Since Nydia Rodriguez met Wanda Santiago about a year ago, the New London resident has lost 20 pounds and gotten her Type 2 diabetes under control. That’s because Santiago, Lawrence + Memorial Hospital’s bilingual diabetes educator, has taught Rodriguez, a former nurse from Puerto Rico, about portion control, sugar substitutes and how to cut back on bread and pasta. Santiago, who was also a nurse in Puerto Rico, has even connected Rodriguez with food banks that offer fresh fruit and vegetables. “I talk to her almost every day,” Rodriguez, 64, said in Spanish, with her daughter Yolanda Mejias translating. “If I need anything, I’ll call her.”
Diabetes is the seventh leading cause of death in the U.S. and the main cause of kidney failure, lower-limb amputations and adult blindness.
Edith Baker of Plainville faced a devastating reality that patients with advanced cancer inevitably confront. She had stopped responding to conventional treatment. Radiation and chemotherapy could no longer contain her stage 4 bladder cancer. But there was a ray of hope. Baker’s oncologist at Saint Francis Hospital and Medical Center referred her to a clinical trial at UConn Health involving two immunotherapy drugs: the FDA-approved Keytruda (pembrolizumab) from Merck & Co., credited with successfully treating former President Jimmy Carter’s melanoma; and Epacadostat (IDO1 inhibitor), an experimental drug from Incyte Corp.
Thousands of Connecticut residents are prediabetic but don’t know it and if they did, doctors say, early detection and lifestyle changes could prevent diabetes from developing in most people at risk. The state Department of Public Health reports that 83,000 adults in Connecticut have prediabetes, which occurs when a person’s blood sugar level is higher than normal but not high enough to be classified as Type 2 diabetes. Nearly 9 percent of adults in the state—about 257,000 people—have been diagnosed with Type 2 diabetes. Prediabetes has few early warning signs, but a blood test by a primary care doctor can detect at-risk patients. Once detected, changes in diet and exercise, sometimes with medication, can stave off the disease, doctors say.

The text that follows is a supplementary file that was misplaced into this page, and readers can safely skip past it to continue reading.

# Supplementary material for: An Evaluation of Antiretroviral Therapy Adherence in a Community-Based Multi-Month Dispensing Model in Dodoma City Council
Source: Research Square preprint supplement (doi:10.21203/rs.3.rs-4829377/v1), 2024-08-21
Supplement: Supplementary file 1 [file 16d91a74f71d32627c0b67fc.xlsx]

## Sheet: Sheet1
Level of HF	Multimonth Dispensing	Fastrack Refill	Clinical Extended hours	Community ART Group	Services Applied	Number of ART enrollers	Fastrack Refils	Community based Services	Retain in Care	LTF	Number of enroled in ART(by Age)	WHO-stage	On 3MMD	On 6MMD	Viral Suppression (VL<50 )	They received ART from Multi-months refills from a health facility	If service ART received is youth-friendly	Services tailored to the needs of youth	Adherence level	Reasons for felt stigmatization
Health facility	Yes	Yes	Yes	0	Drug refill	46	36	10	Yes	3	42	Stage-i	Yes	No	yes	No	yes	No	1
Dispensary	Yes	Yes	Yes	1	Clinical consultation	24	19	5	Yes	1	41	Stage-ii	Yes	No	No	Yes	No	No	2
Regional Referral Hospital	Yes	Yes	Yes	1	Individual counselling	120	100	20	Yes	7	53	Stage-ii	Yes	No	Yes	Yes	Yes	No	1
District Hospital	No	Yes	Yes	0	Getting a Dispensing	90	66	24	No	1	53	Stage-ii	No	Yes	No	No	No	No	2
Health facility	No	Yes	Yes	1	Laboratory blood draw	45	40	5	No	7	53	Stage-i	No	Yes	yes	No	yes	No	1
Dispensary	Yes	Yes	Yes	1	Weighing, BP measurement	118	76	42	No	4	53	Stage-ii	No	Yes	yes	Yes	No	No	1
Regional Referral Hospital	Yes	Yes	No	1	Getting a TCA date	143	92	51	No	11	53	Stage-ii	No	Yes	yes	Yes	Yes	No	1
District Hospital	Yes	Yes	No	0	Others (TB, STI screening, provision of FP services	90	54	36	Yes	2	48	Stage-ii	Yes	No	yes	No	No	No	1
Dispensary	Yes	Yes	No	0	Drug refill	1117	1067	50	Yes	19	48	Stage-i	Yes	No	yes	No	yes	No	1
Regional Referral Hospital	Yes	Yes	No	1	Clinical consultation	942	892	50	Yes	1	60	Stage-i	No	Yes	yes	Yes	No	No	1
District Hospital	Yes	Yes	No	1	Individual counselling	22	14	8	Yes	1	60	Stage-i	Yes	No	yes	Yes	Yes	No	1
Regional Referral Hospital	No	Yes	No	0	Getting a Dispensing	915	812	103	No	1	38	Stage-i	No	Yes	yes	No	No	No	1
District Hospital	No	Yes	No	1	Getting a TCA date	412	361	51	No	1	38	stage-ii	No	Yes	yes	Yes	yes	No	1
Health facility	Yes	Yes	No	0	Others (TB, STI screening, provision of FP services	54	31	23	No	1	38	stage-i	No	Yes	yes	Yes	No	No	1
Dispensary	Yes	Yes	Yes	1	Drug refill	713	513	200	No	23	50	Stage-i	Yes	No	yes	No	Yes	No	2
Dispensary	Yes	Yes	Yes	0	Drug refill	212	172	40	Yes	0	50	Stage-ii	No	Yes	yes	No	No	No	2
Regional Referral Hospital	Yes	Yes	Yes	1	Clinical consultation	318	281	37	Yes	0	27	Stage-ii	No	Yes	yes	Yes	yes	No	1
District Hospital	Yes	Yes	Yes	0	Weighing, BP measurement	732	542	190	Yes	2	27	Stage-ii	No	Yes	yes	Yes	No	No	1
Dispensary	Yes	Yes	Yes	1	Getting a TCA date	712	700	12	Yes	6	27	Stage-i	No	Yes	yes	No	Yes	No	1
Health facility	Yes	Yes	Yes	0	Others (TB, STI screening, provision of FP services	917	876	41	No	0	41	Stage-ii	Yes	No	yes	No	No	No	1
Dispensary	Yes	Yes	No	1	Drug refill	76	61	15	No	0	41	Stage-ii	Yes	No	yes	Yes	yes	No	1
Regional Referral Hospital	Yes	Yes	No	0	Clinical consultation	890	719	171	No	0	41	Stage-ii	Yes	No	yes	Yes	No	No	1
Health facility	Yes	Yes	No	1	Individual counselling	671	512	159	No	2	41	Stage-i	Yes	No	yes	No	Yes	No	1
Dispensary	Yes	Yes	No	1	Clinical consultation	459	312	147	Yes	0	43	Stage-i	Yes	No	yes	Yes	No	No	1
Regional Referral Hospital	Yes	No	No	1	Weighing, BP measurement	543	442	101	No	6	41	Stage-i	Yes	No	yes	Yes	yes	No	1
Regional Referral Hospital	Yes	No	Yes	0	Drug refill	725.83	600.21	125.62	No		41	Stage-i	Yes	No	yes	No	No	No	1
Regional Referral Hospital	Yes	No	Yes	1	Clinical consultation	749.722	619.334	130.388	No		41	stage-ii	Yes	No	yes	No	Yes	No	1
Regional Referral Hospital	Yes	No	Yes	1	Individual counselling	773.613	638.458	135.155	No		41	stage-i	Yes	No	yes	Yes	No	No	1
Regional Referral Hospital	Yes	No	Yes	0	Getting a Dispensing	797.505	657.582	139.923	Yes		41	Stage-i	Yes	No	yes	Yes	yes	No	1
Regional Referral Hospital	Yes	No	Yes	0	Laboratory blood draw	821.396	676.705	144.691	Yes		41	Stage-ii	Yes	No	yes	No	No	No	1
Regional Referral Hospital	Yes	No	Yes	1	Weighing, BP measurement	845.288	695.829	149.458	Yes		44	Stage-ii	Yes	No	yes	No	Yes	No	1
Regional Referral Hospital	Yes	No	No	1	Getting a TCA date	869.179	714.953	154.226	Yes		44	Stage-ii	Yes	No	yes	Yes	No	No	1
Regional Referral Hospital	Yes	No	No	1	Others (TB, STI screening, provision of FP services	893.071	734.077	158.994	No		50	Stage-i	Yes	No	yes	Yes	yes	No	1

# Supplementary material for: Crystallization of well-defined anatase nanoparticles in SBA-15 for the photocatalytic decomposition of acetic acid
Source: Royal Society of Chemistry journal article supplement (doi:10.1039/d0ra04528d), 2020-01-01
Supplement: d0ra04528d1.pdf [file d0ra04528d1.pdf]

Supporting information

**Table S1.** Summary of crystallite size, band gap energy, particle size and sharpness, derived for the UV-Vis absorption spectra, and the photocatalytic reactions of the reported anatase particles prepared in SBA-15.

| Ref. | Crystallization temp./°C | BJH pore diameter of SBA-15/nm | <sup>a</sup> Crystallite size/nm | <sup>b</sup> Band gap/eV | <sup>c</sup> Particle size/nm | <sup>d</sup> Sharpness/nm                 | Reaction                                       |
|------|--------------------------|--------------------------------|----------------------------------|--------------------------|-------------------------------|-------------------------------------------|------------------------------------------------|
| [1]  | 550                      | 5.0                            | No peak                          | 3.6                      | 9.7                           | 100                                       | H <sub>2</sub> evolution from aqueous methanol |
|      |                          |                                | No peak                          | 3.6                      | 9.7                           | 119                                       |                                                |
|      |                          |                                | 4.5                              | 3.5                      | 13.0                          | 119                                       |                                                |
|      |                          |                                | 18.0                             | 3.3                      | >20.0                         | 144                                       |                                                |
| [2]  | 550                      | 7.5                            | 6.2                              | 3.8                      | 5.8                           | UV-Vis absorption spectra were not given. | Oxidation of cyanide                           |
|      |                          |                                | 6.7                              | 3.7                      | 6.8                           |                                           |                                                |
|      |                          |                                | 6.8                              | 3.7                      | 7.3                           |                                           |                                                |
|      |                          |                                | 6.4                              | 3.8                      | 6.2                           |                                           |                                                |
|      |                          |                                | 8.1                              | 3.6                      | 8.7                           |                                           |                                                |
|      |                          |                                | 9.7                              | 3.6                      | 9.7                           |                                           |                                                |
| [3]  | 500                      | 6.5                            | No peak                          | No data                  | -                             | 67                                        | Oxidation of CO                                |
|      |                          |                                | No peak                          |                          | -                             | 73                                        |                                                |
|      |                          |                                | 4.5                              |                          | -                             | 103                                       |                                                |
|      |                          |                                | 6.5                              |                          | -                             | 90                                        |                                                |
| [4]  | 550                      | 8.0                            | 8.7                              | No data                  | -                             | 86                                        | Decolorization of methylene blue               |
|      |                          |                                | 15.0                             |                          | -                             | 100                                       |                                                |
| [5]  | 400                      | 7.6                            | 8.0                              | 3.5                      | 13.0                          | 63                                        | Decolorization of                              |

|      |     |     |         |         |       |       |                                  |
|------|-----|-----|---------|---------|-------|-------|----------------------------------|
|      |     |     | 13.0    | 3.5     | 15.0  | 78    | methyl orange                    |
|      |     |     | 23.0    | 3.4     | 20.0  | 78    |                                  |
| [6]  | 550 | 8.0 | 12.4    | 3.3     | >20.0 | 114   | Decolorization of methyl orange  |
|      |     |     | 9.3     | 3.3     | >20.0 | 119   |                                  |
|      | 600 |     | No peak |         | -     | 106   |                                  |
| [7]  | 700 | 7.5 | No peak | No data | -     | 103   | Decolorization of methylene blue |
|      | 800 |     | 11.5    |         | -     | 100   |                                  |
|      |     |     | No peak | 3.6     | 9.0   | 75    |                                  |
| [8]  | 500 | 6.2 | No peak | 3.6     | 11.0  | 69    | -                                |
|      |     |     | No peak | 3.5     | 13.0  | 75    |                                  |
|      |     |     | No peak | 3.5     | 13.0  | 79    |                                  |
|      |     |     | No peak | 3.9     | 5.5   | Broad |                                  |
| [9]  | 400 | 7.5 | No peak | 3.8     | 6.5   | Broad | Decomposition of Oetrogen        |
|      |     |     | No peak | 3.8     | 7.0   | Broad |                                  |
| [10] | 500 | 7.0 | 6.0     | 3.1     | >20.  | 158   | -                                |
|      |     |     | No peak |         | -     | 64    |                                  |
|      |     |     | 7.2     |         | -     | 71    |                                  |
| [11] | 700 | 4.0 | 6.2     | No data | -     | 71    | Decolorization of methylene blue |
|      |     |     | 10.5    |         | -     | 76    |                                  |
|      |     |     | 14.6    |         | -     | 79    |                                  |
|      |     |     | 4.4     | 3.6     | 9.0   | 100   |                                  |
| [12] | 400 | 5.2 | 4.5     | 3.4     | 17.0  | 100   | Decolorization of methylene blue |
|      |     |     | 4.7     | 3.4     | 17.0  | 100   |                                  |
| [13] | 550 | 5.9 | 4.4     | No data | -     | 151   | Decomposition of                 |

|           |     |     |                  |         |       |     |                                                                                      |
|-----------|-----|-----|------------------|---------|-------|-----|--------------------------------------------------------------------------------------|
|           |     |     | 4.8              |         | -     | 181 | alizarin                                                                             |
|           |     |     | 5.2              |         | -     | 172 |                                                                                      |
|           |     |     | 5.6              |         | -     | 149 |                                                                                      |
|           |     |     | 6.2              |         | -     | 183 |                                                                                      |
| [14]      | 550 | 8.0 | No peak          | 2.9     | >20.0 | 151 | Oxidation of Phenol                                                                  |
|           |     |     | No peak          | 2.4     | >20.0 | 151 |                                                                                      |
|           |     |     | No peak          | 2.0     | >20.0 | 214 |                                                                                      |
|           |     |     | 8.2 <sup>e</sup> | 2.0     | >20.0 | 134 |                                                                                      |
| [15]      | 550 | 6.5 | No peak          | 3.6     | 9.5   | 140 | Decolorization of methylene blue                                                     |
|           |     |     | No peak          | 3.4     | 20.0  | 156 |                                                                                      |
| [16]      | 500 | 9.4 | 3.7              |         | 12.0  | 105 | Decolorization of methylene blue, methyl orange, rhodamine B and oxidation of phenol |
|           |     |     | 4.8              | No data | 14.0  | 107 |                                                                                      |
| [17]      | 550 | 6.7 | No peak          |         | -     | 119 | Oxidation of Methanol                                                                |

For more than 20 years, the Citadel of Love, a Pentecostal church, has anchored one of Hartford’s most economically-challenged neighborhoods in the city’s North End. In its outreach ministries, the church offers clothing giveaways and free meals. Under the leadership of Pastor Marichal Monts, a Hartford native who grew up just down the street, a church committee met recently to discuss some of the flock’s health challenges. Many of the members come from the area, where the U.S. Census says the median household income is just $20,434. (Compare that to the state’s median household income that hovers around $70,000.)
High on the list of health challenges discussed by the leaders was Type 2 diabetes, which was once called adult-onset diabetes.
Connecticut’s diabetes rate ranks lower than the national average, but Hispanics and African-Americans are more than twice as likely to have the disease compared with their white neighbors and are at greater risk of dying from diabetes-related causes. Approximately 250,000 Connecticut adults (8 percent) have been diagnosed with Type 2 diabetes and an estimated 83,000 state residents don’t realize they have the disease, according to 2011-13 data from the U.S. Centers for Disease Control and Prevention (CDC). Nationally, 29.1 million people (9.3 percent) have diabetes and 8.1 million people don’t know they have the disease, reports the CDC. Connecticut’s Hispanics (14.6 percent) and African-Americans (14.1 percent) have significantly higher rates of diabetes than whites (6.7 percent). In addition, adults with annual household incomes below $25,000 are 2.3 times more likely to have diagnosed diabetes compared with adults with household incomes over $75,000, according to the CDC.
Last month, a New York judge struck down New York City’s ban on sugary drinks in containers larger than 16 ounces. Soon after, former vice presidential candidate and reality television star Sarah Palin thrilled a crowd at the Conservative Political Action Conference by pausing her speech to sip from a Big Gulp. Then, freshly-minted Texas U.S. Sen. Ted Cruz proposed a largely ceremonial “Big Gulp Amendment,” which would keep the federal government from limiting soda size, while Mississippi’s governor signed into law a bill that prohibits local governments from regulating sugary drinks. New York’s mayor, Michael Bloomberg, has taken heat for pushing for the soda size ban, though history may treat him more kindly than have conservatives. Science may, as well.